On the Machine Illusion
Type of DegreePhD Dissertation
Computer Science and Software Engineering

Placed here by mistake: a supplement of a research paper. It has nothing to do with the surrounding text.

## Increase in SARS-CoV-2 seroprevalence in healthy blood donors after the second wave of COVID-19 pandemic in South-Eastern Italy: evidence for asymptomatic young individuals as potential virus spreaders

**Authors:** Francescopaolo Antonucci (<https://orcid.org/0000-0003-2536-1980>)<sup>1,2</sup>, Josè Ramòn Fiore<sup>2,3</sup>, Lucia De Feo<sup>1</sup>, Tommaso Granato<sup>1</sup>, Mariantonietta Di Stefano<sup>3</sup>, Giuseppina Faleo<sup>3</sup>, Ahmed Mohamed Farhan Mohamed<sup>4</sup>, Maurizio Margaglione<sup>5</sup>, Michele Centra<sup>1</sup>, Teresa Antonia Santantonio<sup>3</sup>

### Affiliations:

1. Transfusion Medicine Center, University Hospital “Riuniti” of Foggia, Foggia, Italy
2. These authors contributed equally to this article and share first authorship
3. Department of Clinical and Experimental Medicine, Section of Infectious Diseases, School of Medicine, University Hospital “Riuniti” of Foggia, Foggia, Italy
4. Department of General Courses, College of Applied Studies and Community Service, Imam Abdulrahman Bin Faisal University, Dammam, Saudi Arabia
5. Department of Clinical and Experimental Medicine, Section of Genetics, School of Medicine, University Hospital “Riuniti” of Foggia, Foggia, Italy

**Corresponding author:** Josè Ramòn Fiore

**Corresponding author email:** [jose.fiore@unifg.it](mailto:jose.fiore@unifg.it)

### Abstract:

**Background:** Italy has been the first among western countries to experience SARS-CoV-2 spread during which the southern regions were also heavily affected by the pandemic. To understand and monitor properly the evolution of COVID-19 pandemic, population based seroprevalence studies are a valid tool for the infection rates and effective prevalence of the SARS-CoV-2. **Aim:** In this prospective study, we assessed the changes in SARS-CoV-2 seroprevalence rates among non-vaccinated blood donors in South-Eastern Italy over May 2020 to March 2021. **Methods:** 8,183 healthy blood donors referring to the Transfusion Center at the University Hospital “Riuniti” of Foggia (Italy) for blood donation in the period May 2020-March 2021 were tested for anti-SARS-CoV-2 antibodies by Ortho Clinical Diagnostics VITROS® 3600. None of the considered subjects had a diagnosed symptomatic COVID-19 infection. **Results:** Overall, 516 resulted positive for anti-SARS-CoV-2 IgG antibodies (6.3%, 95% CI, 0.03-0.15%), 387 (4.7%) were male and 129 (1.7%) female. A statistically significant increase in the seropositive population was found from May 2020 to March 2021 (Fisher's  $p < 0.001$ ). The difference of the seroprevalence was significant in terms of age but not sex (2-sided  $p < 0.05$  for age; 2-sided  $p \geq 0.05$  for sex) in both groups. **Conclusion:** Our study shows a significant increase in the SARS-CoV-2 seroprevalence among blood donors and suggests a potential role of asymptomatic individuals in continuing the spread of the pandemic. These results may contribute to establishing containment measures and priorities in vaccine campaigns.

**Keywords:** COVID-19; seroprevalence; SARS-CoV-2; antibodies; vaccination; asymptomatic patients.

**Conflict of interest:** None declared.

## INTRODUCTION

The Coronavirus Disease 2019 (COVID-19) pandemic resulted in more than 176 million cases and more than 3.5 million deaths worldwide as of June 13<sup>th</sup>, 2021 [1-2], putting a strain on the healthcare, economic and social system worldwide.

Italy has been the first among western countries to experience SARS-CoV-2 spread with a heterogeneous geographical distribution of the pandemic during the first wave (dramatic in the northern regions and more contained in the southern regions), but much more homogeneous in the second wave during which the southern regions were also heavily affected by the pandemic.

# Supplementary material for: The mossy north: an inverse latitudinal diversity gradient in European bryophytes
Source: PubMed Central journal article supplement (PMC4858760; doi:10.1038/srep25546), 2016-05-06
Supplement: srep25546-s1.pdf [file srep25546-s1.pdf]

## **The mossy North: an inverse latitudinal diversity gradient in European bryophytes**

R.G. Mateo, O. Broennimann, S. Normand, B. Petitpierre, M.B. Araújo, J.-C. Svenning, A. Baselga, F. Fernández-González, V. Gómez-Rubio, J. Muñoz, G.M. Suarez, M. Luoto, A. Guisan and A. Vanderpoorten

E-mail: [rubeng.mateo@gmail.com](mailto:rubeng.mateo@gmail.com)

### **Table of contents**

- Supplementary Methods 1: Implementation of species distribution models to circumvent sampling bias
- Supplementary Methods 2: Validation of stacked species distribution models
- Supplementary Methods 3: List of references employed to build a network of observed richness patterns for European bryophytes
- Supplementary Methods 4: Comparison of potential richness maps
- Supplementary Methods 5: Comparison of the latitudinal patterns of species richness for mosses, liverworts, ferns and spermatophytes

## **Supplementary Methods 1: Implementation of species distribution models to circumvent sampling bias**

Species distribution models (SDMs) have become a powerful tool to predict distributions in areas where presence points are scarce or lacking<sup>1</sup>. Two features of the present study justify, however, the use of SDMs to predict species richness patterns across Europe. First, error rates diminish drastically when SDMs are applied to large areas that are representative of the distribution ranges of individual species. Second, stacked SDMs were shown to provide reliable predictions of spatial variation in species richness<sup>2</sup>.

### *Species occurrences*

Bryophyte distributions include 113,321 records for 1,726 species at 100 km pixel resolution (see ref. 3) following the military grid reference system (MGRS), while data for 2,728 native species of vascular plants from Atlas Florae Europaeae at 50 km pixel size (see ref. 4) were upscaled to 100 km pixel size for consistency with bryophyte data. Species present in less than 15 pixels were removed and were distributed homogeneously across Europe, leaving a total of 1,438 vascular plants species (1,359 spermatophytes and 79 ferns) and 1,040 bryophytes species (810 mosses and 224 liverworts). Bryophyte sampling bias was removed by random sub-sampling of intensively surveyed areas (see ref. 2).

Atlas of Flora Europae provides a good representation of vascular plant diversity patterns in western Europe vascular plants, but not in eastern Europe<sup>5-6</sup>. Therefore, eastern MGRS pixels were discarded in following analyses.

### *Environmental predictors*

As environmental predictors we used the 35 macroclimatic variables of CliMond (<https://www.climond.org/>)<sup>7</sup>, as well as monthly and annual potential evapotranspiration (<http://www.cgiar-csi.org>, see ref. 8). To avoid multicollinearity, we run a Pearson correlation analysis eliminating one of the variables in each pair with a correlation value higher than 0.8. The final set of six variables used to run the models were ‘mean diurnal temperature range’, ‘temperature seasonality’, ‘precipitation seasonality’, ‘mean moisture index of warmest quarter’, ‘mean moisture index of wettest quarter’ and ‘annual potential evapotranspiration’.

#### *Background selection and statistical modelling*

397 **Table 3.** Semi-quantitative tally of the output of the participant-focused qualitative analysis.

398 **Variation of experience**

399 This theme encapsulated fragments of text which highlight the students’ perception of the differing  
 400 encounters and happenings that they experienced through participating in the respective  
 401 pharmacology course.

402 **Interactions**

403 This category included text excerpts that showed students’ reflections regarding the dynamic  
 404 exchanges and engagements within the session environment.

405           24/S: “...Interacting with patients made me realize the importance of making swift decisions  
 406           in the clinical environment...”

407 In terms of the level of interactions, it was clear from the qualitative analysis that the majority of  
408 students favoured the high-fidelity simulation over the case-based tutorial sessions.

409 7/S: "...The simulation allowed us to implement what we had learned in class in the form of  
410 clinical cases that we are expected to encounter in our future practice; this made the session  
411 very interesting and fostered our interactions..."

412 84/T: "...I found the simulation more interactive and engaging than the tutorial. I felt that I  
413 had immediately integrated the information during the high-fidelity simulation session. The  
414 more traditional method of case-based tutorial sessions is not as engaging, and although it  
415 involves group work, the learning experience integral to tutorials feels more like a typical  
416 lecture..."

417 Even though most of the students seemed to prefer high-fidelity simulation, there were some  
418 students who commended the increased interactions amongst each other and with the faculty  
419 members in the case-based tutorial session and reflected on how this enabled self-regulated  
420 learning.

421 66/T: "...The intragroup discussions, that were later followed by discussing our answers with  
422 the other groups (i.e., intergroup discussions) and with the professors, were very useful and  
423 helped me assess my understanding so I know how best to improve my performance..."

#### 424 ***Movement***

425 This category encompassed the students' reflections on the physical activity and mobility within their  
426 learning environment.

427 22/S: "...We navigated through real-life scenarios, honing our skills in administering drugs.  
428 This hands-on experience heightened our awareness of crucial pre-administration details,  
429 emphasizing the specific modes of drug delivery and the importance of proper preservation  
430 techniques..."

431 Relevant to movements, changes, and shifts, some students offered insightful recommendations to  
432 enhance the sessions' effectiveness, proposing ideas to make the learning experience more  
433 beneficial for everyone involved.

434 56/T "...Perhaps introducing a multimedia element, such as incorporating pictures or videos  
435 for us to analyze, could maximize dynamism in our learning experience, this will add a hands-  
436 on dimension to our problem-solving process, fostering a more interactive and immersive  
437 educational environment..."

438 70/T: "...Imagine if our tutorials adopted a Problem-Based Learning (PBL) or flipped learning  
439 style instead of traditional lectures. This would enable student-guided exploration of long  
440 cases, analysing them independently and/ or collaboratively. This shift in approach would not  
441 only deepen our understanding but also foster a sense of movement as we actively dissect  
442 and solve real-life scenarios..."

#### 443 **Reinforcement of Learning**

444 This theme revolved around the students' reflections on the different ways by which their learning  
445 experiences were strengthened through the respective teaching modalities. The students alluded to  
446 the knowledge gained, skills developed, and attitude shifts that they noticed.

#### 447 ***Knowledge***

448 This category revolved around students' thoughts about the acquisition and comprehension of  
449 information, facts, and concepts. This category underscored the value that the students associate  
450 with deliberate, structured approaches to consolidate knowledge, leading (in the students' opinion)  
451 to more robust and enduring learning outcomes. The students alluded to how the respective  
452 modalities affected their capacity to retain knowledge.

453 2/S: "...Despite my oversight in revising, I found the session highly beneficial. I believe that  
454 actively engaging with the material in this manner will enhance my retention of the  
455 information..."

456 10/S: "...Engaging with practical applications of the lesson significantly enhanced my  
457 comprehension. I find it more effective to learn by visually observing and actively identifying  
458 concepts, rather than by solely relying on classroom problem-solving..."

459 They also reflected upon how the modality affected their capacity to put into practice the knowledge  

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In this work, we empirically study an emerging problem in the machine learning community, i.e., the adversarial samples. Specifically, we focus on the discussion within the realm of neural networks. The existence of adversarial samples reveals yet another inconsistency in our hypothesis about neural networks. An adversarial sample is usually generated by adding very small and carefully chosen noise to a clean data sample, e.g., adding noise to an image to change some pixel values, replacing a few words in a sentence. Despite that they are almost the same (visually or semantically) as the clean samples from the perspective of human beings, the adversarial samples will trick a well-trained neural network into wrong predictions with very high confidence. In addition, we also show that adversarial samples exist in real-world when the objects are in an unusual pose (e.g., a flipped-over school bus). We study this problem from two sides of the coin, i.e., defending against adversarial samples and generating adversarial samples. Concretely, to defend against adversarial samples, we propose a binary classification method to filter out adversarial samples. It achieves almost perfect accuracy on adversarial samples from seen distributions. However, it fails to recognize adversarial samples from unseen distributions. To generate of adversarial samples, we first propose a framework to generate text adversarial samples for text classification problem (e.g., sentimental analysis). The framework generates high-quality text adversarial samples. The limitation is that we do not have explicit control over the semantics and syntax. In addition, we propose another framework to generate image adversarial samples by rendering 3D objects in unusual poses. It shows that natural adversarials in real-world may exist in abundance. What’s lacking in this dissertation is a theoretical exploration of this problem. We may revisit this problem when theories behind neural networks get matured.